Look At It This Way - November 14, 2014

Charlie from Bars and Melody (BGT), James Forde from Eastenders, Max Bowden from Waterloo Road, Leondre from Bars and Melody (BGT) and Lucy Kay, Britains Got Talent with the Anti-Bullying ambassadors at the Anti-Bullying conference in the Winter Gardens
Charlie from Bars and Melody (BGT), James Forde from Eastenders, Max Bowden from Waterloo Road, Leondre from Bars and Melody (BGT) and Lucy Kay, Britains Got Talent with the Anti-Bullying ambassadors at the Anti-Bullying conference in the Winter Gardens
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If you have ever been bullied – and I have – you never forget what it feels like.

You dread walking to and from school. You hide out at play time and school breaks.

Other kids shun you until the bullies move onto their next victim.

You feel bad because you feel relieved when someone else gets picked on.

You feel sorry for them, but you’re too scared to show it.

Sometimes you even join in the laughter because you want to be seen to be belonging.

Don’t kid yourself it ends in adulthood. The politics of the playground still prevail in later life – even TV series celebrate forms of bullying… if you watch the alpha males and females competing to become top dog in management.

We all know a workplace bully or the big shot in the pub or club who passes off toxic comments as “banter”. We all know institutionalised bullying still exists. We may even be that bully or part of his or her support system.

Bully for you?

Not for me. I’m old enough and ugly enough to blow the whistle these days. When push comes to shove I’ll stand my ground – although being a woman I’ll have a bloody good cry about it later in the Ladies.

For me, bullying ended at high school. The bullies moved with me but they were small fry for newly confident second years flexing their status. By then, I’d learned words could be mightier than swords – and that judo helped too.

I got new friends who stuck by me, even when I let them down by becoming a prefect – and when I got drummed out of that role in disgrace.

I’d acquired a new bully but saw her off on the pub car park (“FIGHTTTTT!!!”)over the road after school. She was called Fred, short for Freda, and it flattered her.

I bent all the rules learned on the dojo of the Keidokwai judo club. One tomoe nage (stomach throw) ended weeks of oppression and name calling. The fall broke her tooth. The deputy head was visibly shocked to find one of his history aces – me – bloodied from battle.

These days, if I threw my stomach I’d take out an entire training session of Sumo wrestlers…

I don’t recommend resorting to violence. Play by the rules. Report bullying to parents/teachers/employers/friends/union leaders/HR. Don’t put up with it.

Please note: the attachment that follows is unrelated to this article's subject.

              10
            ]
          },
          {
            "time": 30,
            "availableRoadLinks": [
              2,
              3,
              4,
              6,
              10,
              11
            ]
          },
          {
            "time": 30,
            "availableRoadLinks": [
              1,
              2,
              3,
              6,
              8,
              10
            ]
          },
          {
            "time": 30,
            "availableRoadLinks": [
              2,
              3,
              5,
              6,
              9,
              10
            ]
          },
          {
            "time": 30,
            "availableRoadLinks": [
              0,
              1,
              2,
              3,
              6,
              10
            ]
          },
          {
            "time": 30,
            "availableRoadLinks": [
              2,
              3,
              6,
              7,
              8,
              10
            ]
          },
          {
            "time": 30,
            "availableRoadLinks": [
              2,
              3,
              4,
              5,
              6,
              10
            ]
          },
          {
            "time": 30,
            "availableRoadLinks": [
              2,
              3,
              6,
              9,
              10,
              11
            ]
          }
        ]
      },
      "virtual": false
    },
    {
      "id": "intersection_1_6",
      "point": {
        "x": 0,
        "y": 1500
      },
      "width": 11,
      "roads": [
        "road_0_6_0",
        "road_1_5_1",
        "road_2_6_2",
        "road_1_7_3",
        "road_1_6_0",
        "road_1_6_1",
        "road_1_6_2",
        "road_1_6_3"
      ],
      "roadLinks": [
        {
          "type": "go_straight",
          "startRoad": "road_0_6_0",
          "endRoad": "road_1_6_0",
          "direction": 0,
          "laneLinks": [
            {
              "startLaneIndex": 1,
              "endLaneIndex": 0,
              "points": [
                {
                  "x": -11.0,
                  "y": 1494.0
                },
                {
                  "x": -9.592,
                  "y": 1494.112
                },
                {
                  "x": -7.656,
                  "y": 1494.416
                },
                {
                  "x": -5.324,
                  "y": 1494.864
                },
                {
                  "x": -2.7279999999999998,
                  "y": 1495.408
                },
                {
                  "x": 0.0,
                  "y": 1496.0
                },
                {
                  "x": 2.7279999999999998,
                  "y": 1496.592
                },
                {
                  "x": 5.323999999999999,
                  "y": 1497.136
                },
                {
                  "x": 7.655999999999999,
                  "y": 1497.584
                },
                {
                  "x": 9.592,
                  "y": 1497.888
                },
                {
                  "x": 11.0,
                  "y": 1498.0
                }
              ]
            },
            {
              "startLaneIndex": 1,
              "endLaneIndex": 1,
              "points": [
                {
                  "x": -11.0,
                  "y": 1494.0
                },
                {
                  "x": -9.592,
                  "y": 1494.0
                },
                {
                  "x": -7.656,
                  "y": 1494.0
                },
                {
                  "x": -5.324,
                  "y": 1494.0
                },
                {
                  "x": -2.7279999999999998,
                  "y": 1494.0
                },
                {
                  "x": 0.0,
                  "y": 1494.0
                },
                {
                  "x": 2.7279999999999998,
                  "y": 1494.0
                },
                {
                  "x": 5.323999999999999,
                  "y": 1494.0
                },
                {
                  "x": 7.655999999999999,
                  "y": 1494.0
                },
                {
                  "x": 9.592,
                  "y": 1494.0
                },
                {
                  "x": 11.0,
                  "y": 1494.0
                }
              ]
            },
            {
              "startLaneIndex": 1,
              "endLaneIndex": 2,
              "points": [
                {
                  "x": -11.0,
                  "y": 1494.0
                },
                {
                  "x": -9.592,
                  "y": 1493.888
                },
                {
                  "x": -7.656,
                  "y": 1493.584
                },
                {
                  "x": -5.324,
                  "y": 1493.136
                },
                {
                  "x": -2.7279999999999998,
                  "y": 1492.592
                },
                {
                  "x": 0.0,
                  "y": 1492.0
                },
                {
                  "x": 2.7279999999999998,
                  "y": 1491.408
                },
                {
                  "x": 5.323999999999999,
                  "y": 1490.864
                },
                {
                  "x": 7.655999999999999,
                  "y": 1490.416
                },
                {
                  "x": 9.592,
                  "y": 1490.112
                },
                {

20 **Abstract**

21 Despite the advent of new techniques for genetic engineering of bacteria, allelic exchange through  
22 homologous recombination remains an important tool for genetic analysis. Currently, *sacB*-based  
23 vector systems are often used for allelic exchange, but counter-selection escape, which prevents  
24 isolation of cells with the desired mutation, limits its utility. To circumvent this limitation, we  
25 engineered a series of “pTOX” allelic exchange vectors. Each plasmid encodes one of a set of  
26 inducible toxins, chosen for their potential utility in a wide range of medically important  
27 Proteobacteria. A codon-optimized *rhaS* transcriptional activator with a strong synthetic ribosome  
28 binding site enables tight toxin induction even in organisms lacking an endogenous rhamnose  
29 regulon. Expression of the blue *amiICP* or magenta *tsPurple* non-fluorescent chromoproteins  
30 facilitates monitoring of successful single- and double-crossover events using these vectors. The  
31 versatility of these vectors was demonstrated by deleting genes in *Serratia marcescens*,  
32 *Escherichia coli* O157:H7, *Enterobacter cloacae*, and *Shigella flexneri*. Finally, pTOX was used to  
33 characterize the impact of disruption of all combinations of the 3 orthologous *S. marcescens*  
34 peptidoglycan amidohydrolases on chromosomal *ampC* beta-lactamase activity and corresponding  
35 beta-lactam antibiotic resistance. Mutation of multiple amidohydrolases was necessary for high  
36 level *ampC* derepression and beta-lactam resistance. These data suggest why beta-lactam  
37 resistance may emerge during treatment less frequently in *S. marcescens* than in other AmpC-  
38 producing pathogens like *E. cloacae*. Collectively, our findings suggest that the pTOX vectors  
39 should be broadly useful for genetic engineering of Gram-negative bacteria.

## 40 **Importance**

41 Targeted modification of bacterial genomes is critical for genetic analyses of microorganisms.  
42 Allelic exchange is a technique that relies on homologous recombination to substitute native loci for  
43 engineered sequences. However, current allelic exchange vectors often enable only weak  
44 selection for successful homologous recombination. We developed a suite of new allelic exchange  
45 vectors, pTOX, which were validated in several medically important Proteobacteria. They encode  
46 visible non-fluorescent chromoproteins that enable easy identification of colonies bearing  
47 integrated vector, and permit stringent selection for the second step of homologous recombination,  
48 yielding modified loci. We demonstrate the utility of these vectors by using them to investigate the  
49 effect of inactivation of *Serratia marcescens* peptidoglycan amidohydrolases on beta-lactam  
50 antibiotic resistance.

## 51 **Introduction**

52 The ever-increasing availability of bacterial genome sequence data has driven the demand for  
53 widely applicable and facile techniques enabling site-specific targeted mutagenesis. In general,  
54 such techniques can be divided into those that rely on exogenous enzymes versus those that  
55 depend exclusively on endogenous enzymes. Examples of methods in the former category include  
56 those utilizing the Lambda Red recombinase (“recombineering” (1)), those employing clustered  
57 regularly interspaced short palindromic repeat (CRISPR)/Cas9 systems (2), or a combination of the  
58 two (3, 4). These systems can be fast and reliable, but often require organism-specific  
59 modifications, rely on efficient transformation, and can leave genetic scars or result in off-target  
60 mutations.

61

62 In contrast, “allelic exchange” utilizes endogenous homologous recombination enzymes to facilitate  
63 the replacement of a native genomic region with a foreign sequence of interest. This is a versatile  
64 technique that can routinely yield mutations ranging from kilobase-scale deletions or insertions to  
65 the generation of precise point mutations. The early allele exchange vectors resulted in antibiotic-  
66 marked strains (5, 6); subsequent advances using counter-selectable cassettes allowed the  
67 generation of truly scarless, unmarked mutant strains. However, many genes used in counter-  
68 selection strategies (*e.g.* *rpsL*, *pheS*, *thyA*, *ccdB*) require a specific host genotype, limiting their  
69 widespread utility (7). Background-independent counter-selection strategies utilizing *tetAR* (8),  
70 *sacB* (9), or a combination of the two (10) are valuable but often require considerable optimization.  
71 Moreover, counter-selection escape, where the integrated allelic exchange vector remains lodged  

But I had to find that fine line between standing up for myself and running home to mum in tears – for mine had been bullied herself and for much the same reasons.

She’d been the London kid in a Wigan school, beat the Blitz, only to have the daylights beaten out of her by 
pie-eating thugs.

I was the scouser, with a Liverpool accent so thick (and brains, they thought, to match) that the headteacher at my primary advised me to lose the accent “to fit in”.

He said much the same to a well-spoken child who was also being bullied. Educating Blackpool, eh? I’ve shaved my ‘highbrow’, sir, what do you think of it?

More than 300 youngsters gathered in Blackpool this week to join anti-bullying ambassadors at the Diana Award conference, run in conjunction with Blackpool Council and Facebook.

Anti-bullying begins in the home. But you need a stable home.

Teach kids it’s wrong. Encourage them to help the vulnerable. Children can be cruel, but most have an inherent sense of fair play.

They are up against a far more insidious threat today. I had kids throwing stones at me to and from school and lurking to ambush me, but I didn’t carry the bully with me at every step – right into the home and even the bedroom. Cyber-bullying has immediate impact. Some see no escape.

Many of us have had to fend off a troll on Twitter or blocked a so-called Facebook ‘friend’ and reported them –but, for some kids, every day is a waking nightmare and they can’t even turn off the threat at night.

Some, including locally, have committed suicide rather than endure the torment.

I’m a different person today because I was bullied as a child – and I now know the experience made me stronger and more resilient in many ways. But I still feel sick inside at the memory.

The other day I told a little boy who was being bullied: it will get better, it will stop, you will get through this, and over this. But one day you may even come to laugh at it? No. Absolutely not.

We have to make bullying stop. The best way is to let children show us how.

Space story has been harpooned

I’ve been writing a series of short stories for kids.

One of them is about a tiny alien who lives under a rock on a small comet – a sort of cosmic cowboy riding through the universe at 40,000 miles an hour.

Blame the influence of the late great Carl Sagan, whose epoch-making Cosmos series is being rescreened on one of the channels I’ve discovered since quitting full-time journalism.

And now I’m going to have to come up with an unhappy ending. Because there’s every chance a rather precarious looking satellite shaped like a tower block and the size of an armchair may have landed on his two and a half mile wide rocky lair… and plunged two harpoons through him in 
order to anchor it there.

To add insult to injury, they are going to relay every move back to Planet Earth.

If you see my little alien – say hello. Or, sing Rosetta are you better, are you well, 
well, well?